National MS Society Awards $14.6M Supporting 43 New Research Projects

National MS Society Awards $14.6M Supporting 43 New Research Projects

The National Multiple Sclerosis Society (NMSS) awarded $14.6 million in grants supporting 43 new and multiyear research projects into multiple sclerosis (MS), part of a projected $36 million investment in disease research for 2019, the society announced on its website.

Funded projects include research into new ways of halting progressive MS, the role of diet and gut bacteria in the disease, and novel approaches to repair myelin.

All 43 projects aim to better answer basic questions about MS, the society said, such as:

  • Why does MS affect certain people and not others?
  • What is the cause of MS?
  • How do we stop MS progression?
  • How do we repair the damage caused by MS?
  • How do we reverse symptoms and promote wellness?

Among grant winners is a study led by Francisco Quintana, a PhD at Harvard’s Brigham and Women’s Hospital, that will investigate the role of astrocytes in MS progression. Astrocytes are star-shaped cells (they belong to the group of glial cells) that provide neurons with energy and work as a platform to clean up their waste. They also have specific other tasks within the brain, like regulating blood flow and inflammation.

Trevor Kilpatrick, a PhD at the University of Melbourne, will lead work testing whether transplants of modified microglia — immune cells of the brain — can improve myelin repair. Myelin is the fat-rich substance that surrounds and protects nerve fibers, promoting communication among neurons, and which is damaged in MS.

A study at Rutgers University, led by Kouichi Ito, PhD, will examine whether a high-fiber supplement can reduce changes in gut bacteria that are associated with MS. Increasing studies suggest that certain bacteria residing in the human gut can trigger autoimmune reactions.

James Waschek, a PhD at UCLA, leads a project investigating the protective effects of a small protein (called PACAP) on nervous system damage in MS.

“The Society continues to make strategic research investments to address research priorities that will accelerate breakthroughs and build pathways to cures for MS,” Bruce Bebo, PhD, executive vice president of research for the National MS Society, said in a press release.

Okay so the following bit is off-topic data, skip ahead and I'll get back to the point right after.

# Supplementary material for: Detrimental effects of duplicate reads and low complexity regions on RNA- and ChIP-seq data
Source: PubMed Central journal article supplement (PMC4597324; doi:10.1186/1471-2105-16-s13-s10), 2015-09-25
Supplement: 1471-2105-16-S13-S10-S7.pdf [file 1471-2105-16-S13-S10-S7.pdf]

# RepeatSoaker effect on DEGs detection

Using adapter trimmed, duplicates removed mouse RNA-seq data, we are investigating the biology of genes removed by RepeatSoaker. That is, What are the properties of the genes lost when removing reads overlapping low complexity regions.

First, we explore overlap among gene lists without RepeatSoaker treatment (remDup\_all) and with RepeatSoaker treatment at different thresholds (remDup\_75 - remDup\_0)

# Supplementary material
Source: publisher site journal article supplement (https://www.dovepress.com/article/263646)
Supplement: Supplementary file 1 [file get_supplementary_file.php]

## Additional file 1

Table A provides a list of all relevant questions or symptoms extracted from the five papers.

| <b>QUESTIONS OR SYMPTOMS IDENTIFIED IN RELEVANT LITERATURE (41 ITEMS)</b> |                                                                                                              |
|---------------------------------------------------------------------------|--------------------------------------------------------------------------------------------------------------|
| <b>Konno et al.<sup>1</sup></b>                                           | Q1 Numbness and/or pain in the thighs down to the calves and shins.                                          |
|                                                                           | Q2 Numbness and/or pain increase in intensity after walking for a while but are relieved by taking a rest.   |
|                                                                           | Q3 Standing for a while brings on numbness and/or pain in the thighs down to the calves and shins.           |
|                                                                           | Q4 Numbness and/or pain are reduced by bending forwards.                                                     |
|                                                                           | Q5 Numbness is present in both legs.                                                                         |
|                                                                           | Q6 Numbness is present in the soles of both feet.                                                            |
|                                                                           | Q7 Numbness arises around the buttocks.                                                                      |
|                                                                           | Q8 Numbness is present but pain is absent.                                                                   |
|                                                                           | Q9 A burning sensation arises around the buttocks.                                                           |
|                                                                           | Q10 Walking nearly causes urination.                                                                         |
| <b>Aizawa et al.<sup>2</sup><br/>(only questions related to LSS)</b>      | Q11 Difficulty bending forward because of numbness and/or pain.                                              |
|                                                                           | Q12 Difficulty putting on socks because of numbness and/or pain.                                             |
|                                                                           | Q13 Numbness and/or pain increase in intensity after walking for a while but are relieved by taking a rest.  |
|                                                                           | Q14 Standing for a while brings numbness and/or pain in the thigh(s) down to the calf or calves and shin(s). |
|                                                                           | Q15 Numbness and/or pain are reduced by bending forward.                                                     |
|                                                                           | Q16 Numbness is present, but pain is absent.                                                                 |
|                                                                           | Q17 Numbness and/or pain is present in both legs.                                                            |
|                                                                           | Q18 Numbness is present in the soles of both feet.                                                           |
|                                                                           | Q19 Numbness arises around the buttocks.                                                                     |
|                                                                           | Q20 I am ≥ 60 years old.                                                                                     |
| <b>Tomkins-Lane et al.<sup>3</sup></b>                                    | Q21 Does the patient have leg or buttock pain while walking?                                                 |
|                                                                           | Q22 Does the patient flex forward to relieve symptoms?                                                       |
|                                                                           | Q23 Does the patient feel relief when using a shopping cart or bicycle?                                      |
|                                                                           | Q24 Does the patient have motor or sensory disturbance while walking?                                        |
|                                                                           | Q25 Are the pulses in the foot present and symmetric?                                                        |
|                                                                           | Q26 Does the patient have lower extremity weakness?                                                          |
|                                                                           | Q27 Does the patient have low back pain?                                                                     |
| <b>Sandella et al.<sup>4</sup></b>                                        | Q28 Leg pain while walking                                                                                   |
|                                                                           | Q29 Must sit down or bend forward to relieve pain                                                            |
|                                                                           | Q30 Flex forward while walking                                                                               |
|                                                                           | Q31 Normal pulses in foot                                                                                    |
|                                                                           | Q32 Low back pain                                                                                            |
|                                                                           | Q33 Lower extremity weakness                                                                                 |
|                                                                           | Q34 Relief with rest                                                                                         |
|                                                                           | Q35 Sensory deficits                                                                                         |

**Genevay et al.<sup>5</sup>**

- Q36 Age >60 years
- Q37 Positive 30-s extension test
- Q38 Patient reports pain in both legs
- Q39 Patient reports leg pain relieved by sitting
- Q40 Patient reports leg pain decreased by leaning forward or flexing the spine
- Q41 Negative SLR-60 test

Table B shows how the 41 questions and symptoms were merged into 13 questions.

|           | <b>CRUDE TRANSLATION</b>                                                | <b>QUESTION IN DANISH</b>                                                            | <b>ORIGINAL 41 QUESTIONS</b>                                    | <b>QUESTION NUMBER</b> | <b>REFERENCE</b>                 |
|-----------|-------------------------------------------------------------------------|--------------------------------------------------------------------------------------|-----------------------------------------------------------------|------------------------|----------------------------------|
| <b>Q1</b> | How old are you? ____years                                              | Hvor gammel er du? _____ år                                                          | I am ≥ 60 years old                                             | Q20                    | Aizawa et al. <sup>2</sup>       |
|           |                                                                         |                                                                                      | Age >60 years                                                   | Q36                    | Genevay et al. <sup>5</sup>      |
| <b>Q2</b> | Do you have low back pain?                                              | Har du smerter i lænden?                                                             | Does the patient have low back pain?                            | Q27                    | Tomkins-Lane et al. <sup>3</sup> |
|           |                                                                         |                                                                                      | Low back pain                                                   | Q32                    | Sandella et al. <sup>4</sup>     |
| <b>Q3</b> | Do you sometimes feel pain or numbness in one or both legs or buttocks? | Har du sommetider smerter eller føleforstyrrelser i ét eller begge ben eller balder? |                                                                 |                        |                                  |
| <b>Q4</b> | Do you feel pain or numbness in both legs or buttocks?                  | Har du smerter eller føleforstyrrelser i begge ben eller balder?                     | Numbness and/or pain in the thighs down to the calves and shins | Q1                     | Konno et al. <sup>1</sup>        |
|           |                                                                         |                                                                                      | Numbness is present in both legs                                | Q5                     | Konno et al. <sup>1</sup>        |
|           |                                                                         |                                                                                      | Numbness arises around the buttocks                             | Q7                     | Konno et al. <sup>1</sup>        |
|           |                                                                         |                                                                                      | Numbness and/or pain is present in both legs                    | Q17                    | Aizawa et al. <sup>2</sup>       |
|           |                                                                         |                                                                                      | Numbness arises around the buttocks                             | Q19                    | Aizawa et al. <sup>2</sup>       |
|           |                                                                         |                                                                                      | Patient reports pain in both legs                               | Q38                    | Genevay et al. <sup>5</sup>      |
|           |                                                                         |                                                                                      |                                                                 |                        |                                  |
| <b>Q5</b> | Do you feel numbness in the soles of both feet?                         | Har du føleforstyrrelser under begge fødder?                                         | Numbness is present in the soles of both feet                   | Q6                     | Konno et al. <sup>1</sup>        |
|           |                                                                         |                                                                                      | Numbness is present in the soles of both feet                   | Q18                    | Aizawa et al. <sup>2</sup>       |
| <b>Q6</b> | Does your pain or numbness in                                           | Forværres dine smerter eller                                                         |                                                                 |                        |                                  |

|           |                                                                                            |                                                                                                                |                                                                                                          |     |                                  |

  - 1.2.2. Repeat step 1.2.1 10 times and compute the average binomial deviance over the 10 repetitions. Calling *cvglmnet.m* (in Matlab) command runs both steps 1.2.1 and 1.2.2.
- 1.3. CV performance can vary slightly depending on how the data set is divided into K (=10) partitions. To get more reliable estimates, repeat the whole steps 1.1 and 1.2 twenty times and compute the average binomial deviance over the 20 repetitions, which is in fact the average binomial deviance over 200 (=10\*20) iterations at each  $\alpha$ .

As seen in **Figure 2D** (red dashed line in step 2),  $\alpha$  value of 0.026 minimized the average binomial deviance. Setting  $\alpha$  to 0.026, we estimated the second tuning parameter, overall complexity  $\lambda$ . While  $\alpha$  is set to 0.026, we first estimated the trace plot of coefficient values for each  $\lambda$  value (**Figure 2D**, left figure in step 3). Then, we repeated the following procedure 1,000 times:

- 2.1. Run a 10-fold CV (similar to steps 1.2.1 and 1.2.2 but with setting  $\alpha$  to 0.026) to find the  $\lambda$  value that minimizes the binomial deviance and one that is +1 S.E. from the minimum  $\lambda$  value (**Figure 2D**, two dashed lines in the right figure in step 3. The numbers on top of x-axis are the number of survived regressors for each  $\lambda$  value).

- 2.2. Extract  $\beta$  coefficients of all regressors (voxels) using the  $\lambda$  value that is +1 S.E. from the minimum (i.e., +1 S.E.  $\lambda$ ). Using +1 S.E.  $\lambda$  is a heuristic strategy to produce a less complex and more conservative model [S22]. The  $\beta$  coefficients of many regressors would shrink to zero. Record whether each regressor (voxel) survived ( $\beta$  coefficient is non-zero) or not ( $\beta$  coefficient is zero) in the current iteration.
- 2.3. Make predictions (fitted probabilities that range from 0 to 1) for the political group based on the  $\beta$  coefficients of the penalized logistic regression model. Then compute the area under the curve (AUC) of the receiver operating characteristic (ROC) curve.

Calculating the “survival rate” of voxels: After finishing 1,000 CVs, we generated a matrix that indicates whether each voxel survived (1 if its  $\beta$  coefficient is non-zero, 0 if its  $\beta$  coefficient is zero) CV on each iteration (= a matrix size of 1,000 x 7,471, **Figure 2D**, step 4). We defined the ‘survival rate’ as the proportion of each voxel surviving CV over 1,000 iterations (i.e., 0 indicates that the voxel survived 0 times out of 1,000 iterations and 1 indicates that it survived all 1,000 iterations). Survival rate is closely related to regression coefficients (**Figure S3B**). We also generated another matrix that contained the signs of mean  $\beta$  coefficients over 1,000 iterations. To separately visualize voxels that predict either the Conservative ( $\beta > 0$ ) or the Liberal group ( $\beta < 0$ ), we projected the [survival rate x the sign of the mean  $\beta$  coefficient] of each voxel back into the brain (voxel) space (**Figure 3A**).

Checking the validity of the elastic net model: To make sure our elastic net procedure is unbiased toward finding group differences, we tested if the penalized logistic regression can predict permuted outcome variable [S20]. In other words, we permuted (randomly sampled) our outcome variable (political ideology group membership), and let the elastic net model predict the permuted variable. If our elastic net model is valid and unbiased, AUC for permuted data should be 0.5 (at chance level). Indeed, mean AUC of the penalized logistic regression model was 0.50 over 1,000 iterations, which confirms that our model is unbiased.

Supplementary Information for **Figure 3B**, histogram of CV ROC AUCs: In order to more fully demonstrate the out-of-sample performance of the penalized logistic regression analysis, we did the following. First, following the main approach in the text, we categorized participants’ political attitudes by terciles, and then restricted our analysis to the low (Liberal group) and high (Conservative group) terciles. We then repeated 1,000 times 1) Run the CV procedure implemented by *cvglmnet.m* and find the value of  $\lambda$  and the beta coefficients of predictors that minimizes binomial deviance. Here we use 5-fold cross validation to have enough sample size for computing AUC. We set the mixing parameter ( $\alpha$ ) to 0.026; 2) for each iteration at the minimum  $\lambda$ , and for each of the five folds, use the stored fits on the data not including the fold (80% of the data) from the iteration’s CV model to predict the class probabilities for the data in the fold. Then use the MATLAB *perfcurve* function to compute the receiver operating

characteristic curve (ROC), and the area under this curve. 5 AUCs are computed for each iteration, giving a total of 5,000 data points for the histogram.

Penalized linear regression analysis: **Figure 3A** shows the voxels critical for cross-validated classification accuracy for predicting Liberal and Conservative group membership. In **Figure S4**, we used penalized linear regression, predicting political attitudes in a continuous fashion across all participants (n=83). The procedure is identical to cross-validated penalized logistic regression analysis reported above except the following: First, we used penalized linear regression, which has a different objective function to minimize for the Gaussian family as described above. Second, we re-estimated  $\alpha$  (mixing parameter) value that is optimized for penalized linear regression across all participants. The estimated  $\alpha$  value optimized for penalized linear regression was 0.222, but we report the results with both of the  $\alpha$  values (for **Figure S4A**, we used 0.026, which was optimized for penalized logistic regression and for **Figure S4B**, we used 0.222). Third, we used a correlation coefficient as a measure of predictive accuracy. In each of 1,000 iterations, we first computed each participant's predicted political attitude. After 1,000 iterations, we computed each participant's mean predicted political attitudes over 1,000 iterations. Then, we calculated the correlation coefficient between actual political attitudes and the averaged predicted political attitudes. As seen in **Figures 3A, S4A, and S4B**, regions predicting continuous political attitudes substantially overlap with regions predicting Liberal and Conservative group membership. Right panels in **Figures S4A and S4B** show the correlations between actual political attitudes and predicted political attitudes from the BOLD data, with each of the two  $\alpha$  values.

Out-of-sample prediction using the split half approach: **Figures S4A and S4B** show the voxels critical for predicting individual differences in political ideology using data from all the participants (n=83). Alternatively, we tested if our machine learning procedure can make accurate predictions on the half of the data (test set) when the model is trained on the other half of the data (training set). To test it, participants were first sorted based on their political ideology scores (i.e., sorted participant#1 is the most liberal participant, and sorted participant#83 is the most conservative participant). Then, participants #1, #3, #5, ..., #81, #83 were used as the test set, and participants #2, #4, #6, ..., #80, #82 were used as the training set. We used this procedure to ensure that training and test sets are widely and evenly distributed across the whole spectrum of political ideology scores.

“This is an exciting and important time in MS research,” said Cyndi Zagieboylo, the society’s president and CEO. “As our MS prevalence research shows, there are nearly 1 million people with MS in the U.S. — that’s twice as many as previous estimates, and it means twice as many people need answers.

“That’s why it is so important to fund these studies to find solutions. Each year, hundreds of thousands of volunteers walk, run, bike and make individual donations to fund this research, so people with MS can live their best lives today as we seek a cure,” Zagieboylo added.

Since its establishment, the NMSS has awarded more than $1 billion in research funding. For a full list of projects it supports, please click here.

Patricia holds her Ph.D. in Cell Biology from University Nova de Lisboa, and has served as an author on several research projects and fellowships, as well as major grant applications for European Agencies. She also served as a PhD student research assistant in the Laboratory of Doctor David A. Fidock, Department of Microbiology & Immunology, Columbia University, New York.
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Patrícia holds her PhD in Medical Microbiology and Infectious Diseases from the Leiden University Medical Center in Leiden, The Netherlands. She has studied Applied Biology at Universidade do Minho and was a postdoctoral research fellow at Instituto de Medicina Molecular in Lisbon, Portugal. Her work has been focused on molecular genetic traits of infectious agents such as viruses and parasites.
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Patricia holds her Ph.D. in Cell Biology from University Nova de Lisboa, and has served as an author on several research projects and fellowships, as well as major grant applications for European Agencies. She also served as a PhD student research assistant in the Laboratory of Doctor David A. Fidock, Department of Microbiology & Immunology, Columbia University, New York.
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  1. Charles Dick says:

    the p19 subunit of IL23 could be used as a hapten with only minor modifications. I have figured out those modifications. this project needs to happen. if anyone with a lab and funding wants to work on this, feel free to contact me. hopefully you have some NOD mice.

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